Me: Friends of mine who dined recently at Sbraga raved not only about the meal, but were particularly impressed that you stopped by their table to chat, as you did with just about everyone in the room.
Sbraga: I do try to visit every table. The restaurant’s small size and open kitchen help [to keep me in contact]. But it’s hard. Sometimes I’ll visit a table just as, say, their fish is coming out and I don’t want to interrupt [the flow of their meal], or I get called back to the kitchen. So, it’s hard. People can and do come up to the open kitchen, of course.
Me: Other than the prize money and the clout it gave you to open your own restaurant, what was the best thing about winning Top Chef?
Sbraga: The creative freedom. That’s what I’ve always wanted. I get to make the calls.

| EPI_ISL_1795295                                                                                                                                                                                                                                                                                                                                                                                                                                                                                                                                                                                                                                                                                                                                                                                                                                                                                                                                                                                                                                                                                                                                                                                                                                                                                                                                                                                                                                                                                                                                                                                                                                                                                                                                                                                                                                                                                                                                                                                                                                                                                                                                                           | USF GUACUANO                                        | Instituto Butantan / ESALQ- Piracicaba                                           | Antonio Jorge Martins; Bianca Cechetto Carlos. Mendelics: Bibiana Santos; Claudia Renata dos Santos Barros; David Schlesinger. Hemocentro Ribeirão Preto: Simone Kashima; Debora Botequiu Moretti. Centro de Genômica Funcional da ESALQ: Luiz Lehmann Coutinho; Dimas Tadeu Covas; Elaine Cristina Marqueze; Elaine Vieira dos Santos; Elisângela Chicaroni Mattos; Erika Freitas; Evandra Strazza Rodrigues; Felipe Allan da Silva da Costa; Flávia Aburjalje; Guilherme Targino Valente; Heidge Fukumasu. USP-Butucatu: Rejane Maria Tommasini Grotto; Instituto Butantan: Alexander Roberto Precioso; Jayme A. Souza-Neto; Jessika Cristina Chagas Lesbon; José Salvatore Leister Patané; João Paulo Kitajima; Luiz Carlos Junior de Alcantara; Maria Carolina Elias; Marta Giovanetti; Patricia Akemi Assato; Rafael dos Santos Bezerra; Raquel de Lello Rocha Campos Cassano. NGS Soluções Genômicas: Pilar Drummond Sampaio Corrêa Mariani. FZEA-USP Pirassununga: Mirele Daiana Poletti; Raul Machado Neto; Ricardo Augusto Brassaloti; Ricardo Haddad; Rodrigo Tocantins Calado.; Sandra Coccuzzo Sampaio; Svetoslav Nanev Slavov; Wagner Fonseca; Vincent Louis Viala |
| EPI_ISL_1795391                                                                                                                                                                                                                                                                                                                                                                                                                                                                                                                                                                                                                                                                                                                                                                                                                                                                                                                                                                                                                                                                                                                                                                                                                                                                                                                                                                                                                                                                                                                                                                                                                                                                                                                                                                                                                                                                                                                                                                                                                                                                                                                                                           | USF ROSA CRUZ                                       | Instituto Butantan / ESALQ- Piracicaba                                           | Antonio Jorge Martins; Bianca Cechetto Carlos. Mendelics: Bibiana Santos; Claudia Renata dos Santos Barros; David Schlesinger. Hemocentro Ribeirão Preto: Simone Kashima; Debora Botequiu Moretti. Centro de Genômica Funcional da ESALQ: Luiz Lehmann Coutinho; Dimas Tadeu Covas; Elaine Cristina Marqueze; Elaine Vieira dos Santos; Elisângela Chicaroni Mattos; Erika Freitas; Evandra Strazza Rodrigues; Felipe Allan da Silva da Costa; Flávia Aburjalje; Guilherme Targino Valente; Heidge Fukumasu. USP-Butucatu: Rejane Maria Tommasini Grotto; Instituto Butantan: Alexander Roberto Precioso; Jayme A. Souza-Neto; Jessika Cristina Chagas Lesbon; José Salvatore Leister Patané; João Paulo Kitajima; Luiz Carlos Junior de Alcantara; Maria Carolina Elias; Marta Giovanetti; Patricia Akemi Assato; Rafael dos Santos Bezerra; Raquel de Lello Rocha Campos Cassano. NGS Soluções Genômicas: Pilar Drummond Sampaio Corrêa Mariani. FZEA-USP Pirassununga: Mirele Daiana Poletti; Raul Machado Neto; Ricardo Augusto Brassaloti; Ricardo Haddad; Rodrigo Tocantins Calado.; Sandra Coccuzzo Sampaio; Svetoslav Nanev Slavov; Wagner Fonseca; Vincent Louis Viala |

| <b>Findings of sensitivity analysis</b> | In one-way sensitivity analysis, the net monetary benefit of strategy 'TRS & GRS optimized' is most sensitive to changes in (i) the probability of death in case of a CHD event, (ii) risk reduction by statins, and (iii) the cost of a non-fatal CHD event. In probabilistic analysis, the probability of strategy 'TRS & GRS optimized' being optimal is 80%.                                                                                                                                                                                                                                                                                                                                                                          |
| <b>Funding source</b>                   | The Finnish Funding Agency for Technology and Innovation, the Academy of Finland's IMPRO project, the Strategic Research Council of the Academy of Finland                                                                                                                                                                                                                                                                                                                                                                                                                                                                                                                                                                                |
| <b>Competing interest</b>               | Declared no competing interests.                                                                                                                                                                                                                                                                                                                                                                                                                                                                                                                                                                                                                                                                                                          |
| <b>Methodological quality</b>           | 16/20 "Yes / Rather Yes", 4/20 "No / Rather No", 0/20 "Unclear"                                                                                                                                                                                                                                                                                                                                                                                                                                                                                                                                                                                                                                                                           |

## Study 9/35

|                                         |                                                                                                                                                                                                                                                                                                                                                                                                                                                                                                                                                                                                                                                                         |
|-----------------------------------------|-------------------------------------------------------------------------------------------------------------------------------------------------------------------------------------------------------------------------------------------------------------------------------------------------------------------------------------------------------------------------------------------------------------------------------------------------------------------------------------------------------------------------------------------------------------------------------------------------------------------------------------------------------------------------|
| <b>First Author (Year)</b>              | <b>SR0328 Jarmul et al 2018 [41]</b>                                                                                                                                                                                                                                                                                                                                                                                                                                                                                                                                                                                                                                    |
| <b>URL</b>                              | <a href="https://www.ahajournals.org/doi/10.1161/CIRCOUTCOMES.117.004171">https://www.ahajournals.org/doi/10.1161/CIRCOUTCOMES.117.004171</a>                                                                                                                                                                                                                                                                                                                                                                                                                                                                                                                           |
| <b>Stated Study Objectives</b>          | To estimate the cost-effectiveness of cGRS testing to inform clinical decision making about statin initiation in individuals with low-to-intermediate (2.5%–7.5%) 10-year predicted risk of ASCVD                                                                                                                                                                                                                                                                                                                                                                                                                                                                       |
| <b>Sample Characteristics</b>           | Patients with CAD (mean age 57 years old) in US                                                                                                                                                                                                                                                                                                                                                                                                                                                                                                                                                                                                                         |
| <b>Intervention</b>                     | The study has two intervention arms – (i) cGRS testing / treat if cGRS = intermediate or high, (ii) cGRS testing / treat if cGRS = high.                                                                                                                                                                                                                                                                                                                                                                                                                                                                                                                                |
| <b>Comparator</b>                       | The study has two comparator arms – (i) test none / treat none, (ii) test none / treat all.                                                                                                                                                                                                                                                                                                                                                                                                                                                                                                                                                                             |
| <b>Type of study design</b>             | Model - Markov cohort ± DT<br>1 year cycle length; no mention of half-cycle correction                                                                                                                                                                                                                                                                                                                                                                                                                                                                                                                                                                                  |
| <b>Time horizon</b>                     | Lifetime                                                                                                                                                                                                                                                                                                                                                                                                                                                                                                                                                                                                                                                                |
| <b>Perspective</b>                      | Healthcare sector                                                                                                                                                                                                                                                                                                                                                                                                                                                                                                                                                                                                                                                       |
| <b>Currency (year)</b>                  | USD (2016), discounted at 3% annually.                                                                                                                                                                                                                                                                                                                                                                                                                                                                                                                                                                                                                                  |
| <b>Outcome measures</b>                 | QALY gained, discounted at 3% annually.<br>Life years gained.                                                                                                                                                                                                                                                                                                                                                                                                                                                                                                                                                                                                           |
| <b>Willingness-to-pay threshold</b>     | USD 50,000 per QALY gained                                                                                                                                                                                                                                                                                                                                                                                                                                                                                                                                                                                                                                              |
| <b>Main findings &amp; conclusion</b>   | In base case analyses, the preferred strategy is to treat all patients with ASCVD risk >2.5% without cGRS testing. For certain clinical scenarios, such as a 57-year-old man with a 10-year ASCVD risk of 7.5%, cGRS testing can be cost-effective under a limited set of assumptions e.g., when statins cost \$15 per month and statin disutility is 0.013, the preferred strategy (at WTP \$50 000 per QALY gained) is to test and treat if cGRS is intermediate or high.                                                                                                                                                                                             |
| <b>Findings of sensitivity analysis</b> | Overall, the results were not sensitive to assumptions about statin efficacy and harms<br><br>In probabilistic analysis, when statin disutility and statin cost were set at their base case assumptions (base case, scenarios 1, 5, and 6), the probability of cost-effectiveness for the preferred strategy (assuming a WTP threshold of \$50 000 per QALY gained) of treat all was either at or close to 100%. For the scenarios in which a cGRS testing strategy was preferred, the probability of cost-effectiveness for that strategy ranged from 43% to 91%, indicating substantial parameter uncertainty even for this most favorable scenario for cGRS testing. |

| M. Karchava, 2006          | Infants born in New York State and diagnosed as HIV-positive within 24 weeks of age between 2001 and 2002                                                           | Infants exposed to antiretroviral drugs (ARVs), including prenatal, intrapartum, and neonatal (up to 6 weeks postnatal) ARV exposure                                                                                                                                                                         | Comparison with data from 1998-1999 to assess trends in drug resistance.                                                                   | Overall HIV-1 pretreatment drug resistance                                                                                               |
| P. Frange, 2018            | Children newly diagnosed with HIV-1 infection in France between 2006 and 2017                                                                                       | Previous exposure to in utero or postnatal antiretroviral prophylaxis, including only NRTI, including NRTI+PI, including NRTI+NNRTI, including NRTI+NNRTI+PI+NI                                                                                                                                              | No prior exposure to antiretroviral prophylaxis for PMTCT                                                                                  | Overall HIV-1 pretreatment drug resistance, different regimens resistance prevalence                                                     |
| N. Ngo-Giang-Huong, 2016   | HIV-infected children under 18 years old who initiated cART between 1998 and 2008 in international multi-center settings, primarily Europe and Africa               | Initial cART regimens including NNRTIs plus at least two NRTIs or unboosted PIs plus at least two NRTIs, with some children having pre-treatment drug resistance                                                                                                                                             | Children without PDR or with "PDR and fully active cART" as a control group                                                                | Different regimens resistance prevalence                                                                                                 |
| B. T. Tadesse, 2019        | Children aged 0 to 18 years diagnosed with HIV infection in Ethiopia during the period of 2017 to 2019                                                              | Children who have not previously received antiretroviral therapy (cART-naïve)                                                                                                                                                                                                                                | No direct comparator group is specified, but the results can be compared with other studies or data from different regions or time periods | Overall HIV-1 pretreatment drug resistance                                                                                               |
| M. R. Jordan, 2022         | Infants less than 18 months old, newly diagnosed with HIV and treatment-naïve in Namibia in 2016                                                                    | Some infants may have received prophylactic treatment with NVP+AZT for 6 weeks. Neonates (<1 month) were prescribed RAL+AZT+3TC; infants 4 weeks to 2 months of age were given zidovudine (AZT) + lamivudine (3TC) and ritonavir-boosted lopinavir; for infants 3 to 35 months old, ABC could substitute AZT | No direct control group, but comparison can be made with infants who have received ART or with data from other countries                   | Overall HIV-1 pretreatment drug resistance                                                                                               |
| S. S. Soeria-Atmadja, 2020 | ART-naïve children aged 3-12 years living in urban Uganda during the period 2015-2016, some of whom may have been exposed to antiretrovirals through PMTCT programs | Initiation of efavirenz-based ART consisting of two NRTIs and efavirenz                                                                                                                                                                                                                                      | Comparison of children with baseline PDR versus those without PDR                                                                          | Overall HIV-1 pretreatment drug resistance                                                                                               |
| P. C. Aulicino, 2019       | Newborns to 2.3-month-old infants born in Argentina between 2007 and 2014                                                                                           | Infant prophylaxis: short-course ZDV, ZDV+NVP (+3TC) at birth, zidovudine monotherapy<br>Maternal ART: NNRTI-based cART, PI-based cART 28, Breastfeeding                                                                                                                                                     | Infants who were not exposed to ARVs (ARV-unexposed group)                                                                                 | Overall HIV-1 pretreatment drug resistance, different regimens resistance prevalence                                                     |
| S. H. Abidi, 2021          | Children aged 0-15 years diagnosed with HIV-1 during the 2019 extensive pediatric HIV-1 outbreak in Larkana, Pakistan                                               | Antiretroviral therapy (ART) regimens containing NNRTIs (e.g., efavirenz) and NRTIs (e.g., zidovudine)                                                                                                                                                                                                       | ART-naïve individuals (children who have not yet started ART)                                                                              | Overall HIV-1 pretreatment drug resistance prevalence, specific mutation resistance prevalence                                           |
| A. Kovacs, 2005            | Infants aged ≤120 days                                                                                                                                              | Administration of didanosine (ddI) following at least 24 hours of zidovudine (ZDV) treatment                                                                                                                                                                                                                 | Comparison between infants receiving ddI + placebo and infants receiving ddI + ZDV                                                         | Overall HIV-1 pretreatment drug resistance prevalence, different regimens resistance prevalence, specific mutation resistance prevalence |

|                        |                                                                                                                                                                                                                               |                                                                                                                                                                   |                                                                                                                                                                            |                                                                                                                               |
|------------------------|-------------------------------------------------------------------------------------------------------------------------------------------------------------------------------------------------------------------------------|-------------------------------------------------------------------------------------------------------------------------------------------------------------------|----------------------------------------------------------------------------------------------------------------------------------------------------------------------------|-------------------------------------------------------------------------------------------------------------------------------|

Me: In what other ways has the win impacted your life?
Sbraga: Almost every aspect of my life has changed! The travel! Getting to cook for so many amazing people! The coolest thing I’ve done was for Apple. They had a huge event that I cooked for. It was hosted by Warner Brothers. I had never seen such a huge production!
Me: What will you be serving up at Epicurean Palette?
Sbraga: I’m making salmon sashimi with frozen yogurt and pineapple jicama salad.
If Kevin Sbraga’s Back in Jersey, then I’m Back on the Radio
For those of you who remember my years as the host of Dining Today before WHWH changed formats, I regret to say I do not have a new radio show lined up. But, just like Kevin Sbraga coming back to Jersey for a day, I’m going to put in a one-time guest appearance on a radio show called Stepping Stones. My host will be Walt Haake and we’ll be talking live about food, drink, restaurants, farms – you name it – and we’ll be taking callers. The show airs from 5 to 6 pm this Tuesday, September 18, over WDVR, which is based in Sergeantsville and broadcasts throughout the Delaware Valley. That’s 89.7 FM in Hunterdon and Bucks, and 91.9 FM in Mercer County. You can also stream it live at the station’s website.